Plan on attending the 2022 ARRL National Convention, set to take place at
Orlando HamCation¶© on February 11-13. A day-long workshop on emergency
communications is scheduled as one of the training tracks that will be
offered as part of the National Convention program that will precede
HamCation on Thursday, February 10. The training presentations will feature
current protocols, techniques, and responsibilities for the modern volunteer
radio operator serving partner agency and organizations. The presenters are
all subject-matter experts. Topics to be covered include the ARES, AUXCOMM
and Florida Emergency Communicator Position Task Books, an overview of
amateur radio responses to disasters, basic voice traffic handling with
hands-on voice traffic net/message transfer practice, using the ICS-213
form, Winlink's ARDOP (Amateur Radio Digital Open Protocol) and VARA
protocols, and the Radio Mail Server (RMS) hybrid internet/HF radio gateway
system. The event will be held on Thursday, February 10, 2022 at the
Doubletree by Hilton Orlando at SeaWorld. Participants should arrive at the
hotel, check in at 8 AM, and be in seats by 8:30 AM. A National Convention
Luncheon (for everyone) runs from noon to 1 PM in the banquet room. The
track ends at 5 PM. Registration for the ARRL National Convention at Orlando
HamCation is now open.

Spotlight: Hawaii ARRL SET, ShakeOut Exercises
For this year's ARRL SET, held on October 2, Hawaii radio operators provided
damage reports to simulated county emergency management/Civil Defense
agencies in response to a simulated 9.2 magnitude earthquake in the
Aleutians that resulted in a Great Aleutian tsunami, causing damage to all
counties in the State of Hawaii. The purpose of this communication exercise
was to verify operator ability to use digital protocols as well as voice to
pass messages. Operators worked from home or safe location. (If the operator
lived in an extreme tsunami evacuation zone, the amateur was asked to
simulate evacuation to a safe area or a designated county tsunami refuge
area. Operators were requested to use auxiliary power -- batteries, solar
panels, and generators.

Objectives: participants were to transmit three Winlink messages using the
Winlink templates/forms -- Check-In, ICS-213, Check-Out. Winlink modes used:
Telnet, VARA FM, VARA HF, VARA HF Peer to Peer (P2P), PACTOR, Packet and
AREDN Mesh. "Hub and Spoke" concepts were used to forward messages. Voice
messages were also involved.

What went well: Most radio operators were successful in sending all three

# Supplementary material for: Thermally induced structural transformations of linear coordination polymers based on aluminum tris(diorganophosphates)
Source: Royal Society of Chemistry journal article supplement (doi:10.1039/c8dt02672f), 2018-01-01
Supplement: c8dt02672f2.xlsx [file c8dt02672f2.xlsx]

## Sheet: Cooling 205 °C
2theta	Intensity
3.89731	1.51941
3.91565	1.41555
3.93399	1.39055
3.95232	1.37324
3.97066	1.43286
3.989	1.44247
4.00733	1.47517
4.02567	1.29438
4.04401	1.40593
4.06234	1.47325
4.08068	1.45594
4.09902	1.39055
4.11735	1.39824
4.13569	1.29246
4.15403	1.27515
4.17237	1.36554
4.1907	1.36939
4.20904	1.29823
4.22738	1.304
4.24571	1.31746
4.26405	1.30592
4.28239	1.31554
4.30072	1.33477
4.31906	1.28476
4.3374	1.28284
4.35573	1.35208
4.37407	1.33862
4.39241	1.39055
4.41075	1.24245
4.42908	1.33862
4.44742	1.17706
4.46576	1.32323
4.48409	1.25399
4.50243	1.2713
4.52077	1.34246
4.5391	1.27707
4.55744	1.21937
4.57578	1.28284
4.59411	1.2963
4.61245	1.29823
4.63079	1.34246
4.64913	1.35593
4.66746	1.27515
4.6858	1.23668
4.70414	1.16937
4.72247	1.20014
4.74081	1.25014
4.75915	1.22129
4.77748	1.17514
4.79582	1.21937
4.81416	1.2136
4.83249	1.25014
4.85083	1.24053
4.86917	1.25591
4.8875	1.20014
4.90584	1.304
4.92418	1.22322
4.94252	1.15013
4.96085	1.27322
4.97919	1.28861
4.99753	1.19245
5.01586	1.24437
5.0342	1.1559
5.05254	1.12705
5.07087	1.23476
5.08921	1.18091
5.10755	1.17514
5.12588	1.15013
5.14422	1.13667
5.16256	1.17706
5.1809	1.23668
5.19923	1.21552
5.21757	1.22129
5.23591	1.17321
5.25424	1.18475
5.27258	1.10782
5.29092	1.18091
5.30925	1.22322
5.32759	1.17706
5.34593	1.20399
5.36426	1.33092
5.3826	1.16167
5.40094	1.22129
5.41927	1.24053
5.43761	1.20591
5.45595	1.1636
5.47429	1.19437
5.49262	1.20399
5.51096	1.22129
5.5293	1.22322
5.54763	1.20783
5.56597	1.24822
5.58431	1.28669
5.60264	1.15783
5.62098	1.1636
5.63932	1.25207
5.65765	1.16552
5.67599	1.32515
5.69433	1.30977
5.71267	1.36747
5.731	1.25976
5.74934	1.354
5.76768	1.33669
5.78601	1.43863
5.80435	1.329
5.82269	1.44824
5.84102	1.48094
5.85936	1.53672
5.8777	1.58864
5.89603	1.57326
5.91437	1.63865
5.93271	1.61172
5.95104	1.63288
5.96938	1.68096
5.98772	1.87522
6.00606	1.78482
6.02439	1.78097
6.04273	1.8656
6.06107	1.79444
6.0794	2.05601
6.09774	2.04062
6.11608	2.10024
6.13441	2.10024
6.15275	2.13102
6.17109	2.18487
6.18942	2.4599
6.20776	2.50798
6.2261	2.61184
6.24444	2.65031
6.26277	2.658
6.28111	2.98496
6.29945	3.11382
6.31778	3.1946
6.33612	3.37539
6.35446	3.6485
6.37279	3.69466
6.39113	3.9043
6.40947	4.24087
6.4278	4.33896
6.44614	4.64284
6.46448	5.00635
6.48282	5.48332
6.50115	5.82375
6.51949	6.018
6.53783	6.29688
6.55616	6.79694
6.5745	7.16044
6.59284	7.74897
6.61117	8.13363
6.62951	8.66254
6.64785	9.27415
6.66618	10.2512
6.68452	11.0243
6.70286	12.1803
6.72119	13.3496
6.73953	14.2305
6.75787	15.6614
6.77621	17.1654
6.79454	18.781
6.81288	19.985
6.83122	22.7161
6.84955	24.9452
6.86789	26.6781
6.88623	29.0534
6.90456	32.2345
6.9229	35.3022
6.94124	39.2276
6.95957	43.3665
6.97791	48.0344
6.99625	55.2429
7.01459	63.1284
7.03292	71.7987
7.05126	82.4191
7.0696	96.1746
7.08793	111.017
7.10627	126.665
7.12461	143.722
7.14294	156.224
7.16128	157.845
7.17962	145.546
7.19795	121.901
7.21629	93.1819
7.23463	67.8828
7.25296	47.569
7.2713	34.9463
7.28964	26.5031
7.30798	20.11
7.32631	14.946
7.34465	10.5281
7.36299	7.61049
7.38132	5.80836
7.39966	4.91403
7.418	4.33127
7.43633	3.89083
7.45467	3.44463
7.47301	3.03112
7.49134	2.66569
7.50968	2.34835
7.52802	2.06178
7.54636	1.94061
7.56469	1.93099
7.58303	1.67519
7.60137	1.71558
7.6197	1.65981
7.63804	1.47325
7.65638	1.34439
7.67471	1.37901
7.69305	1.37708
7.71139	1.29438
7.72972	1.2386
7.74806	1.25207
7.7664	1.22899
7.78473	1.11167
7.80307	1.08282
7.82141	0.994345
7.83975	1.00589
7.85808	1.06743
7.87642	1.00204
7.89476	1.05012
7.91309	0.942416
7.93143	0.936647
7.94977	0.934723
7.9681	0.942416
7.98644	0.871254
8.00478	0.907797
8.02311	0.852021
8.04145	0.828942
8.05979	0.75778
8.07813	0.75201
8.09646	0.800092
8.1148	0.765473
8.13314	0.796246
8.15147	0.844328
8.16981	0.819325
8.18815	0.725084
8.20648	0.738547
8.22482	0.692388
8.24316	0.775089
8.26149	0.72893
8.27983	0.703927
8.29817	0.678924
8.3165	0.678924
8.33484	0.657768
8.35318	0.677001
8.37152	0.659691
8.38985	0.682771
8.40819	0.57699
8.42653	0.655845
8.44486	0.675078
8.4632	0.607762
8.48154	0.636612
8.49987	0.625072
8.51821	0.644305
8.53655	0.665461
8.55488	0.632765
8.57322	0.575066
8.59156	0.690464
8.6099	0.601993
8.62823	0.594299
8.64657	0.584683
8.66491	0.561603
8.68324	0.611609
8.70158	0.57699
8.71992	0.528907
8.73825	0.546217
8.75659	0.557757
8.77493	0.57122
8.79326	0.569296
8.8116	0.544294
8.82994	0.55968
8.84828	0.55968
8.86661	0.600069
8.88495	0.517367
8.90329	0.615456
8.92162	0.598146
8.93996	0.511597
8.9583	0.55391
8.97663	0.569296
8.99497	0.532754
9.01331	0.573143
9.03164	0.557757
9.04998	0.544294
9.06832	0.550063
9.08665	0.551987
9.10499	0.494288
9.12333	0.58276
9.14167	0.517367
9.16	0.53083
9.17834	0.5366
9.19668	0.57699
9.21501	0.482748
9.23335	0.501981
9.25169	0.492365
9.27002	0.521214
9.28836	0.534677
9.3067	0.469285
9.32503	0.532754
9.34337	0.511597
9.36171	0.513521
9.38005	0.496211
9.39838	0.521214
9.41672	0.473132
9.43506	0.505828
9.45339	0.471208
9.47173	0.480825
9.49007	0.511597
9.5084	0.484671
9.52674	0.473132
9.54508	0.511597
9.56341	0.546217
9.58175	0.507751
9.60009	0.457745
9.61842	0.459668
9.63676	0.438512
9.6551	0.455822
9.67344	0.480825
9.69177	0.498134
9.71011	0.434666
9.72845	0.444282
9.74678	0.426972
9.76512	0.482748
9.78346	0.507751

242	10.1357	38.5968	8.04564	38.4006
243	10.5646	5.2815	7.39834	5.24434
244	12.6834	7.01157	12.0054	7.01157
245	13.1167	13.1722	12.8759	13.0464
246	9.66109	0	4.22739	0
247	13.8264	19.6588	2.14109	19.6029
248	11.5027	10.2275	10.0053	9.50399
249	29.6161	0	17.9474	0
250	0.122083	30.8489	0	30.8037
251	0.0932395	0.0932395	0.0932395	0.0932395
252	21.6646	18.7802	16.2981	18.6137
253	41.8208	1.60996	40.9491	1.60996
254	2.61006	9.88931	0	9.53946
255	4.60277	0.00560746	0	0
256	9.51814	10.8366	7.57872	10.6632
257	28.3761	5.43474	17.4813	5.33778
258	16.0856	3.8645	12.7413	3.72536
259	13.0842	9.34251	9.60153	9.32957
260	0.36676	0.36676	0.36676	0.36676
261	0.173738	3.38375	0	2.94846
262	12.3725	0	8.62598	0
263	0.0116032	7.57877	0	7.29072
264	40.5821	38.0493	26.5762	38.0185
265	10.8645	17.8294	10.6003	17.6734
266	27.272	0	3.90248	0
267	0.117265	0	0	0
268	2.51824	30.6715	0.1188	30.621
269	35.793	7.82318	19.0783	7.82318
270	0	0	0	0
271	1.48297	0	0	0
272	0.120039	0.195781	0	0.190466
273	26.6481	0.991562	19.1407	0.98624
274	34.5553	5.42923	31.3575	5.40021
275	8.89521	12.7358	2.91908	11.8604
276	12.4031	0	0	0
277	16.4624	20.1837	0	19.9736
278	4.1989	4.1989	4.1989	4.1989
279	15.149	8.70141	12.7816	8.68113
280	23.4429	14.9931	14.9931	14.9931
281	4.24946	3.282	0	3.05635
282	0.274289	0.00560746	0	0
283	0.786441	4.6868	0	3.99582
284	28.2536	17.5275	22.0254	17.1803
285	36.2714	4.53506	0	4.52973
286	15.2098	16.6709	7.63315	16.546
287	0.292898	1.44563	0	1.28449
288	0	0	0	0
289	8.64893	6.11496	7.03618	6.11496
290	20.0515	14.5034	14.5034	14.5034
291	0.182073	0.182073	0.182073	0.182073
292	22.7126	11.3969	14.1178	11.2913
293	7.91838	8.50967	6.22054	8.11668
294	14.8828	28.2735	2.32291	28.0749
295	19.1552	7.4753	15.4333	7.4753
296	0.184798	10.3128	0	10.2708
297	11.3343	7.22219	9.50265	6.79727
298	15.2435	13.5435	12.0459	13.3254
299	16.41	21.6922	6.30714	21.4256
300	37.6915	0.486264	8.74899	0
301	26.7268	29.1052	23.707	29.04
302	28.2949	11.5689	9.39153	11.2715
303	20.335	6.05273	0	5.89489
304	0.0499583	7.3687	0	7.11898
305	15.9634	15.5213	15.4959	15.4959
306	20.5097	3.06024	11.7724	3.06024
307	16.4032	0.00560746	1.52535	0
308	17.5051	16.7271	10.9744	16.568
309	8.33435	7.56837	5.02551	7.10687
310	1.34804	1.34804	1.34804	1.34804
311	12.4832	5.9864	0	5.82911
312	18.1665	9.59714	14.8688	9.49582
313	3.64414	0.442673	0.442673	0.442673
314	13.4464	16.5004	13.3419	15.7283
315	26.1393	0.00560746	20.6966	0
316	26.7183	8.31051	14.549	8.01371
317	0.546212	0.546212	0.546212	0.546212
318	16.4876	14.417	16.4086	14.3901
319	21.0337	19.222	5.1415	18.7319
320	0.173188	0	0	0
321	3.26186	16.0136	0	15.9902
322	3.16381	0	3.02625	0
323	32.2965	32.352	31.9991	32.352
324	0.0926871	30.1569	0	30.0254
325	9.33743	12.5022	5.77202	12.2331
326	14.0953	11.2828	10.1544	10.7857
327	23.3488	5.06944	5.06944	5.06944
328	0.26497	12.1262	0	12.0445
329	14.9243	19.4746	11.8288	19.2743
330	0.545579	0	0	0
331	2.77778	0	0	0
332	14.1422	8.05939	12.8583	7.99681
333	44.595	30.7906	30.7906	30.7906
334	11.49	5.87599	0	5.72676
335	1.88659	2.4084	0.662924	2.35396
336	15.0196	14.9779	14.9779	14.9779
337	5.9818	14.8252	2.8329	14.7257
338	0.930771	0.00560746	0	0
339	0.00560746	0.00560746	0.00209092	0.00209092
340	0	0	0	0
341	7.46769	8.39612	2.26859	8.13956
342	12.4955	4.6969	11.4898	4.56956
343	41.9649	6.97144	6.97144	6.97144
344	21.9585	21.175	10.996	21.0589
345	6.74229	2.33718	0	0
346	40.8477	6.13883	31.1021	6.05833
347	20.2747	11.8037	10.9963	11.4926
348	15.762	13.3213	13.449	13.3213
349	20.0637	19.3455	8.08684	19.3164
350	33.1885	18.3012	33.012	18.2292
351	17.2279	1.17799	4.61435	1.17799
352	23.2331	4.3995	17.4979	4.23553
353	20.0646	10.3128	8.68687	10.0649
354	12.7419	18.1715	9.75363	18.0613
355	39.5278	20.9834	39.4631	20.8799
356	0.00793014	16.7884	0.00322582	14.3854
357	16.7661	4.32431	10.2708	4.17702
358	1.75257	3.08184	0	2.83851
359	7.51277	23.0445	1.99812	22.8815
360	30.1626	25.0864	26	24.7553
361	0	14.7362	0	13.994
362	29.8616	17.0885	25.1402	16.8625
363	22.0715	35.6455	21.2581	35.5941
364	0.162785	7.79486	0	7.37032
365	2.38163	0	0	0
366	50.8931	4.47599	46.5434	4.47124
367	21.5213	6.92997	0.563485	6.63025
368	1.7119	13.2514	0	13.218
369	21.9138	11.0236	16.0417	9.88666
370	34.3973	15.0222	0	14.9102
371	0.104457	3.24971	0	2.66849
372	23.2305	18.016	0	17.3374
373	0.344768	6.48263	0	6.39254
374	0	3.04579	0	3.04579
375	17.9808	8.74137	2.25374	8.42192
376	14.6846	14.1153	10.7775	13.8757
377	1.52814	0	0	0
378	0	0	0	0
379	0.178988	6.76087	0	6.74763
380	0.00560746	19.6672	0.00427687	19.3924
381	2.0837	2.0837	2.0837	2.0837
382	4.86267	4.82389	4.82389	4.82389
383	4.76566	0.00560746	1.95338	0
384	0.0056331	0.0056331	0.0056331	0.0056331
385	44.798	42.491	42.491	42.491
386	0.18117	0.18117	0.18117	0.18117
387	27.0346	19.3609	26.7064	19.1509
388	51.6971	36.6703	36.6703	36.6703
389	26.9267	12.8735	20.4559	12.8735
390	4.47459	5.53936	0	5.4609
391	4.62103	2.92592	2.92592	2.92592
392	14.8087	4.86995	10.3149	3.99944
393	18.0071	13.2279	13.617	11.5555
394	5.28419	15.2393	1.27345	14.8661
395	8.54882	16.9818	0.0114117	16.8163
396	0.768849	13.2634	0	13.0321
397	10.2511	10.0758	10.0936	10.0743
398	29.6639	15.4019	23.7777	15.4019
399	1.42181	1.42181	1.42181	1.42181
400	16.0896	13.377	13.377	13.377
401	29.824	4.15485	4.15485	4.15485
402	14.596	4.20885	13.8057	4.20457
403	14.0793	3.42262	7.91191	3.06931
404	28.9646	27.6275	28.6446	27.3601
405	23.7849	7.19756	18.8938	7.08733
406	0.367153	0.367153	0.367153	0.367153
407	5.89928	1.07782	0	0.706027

Winlink messages. Hawaii used two county reports that the county EOC would
actually receive in a real event -- the Situation Report (SITREP) and
Request for Assistance (RFA). The Hawaii forms were modified with numbers,
which made it easier to pass messages by voice. The gateways worked well.
Exercise instructions were helpful. AREDN Mesh was used by one station.
Relays were successfully set up as Hub and Spokes. Oahu VARA FM digipeating
worked. On Oahu, the simulated EOC had 14 voice check-ins, and 10 voice
damage reports were received. Many stations operated on auxiliary power.

Challenges: Exercise was limited to Winlink and voice relays. Some gateways
were busy. Voice messages were transmitted too fast. Only two HF P2P
messages were received.

What could be improved: In the future, operators should not use the word
"repeat"; they should use "say again" in voice messaging. More practice is
needed for sending voice messages. We need to encourage more participants
for future exercises and incidents, and more Winlink users.

All of Hawaii's four counties were represented with a total of 58 radio
operators participating and 157 messages sent. In summary, the 2021 SET was
successful with the three Winlink and the two Big Island County forms sent

Hawaii Great ShakeOut 2021

The Hawaii Great ShakeOut was held Saturday, October 16, 2021, the second
time Hawaii has participated in this annual event. The exercise was based on
a real magnitude 6.2 earthquake that occurred at 10:58 AM on Sunday, October
10, 2021, off the Big Island and felt throughout the state. The October 16
simulated exercise temblor was located inland in Volcano National Park. The
simulated magnitude 7.2 earthquake resulted in various simulated damages on
the Big Island and felt throughout the State of Hawaii. It occurred at 8:50
AM HST and Hawaii hams started reporting to the U.S. Geological Survey
(USGS) using the Winlink DYFI form beginning at 9 AM.

The objective was for Hawaii amateur radio operators throughout the state to
submit a Winlink DYFI (Did You Feel It) template with simulated responses
per their location from the center of the simulated earthquake. Digital
email modes used were VARA FM, VARA HF, Packet and Telnet. Operators used
the Winlink RF email system to submit reports directly to the USGS main
computer system (USGS has developed an interface to support amateur radio
reports for simulated and real events.)

Same Time, Next Year: Providing Support for the Tour de Lincoln Bicycle Event
Twenty-two amateur radio operators from California's Western Placer Amateur
Radio Club (WPARC) provided communications and other support for the Rotary
Club's Tour de Lincoln charity bicycle event on Saturday, October 30. The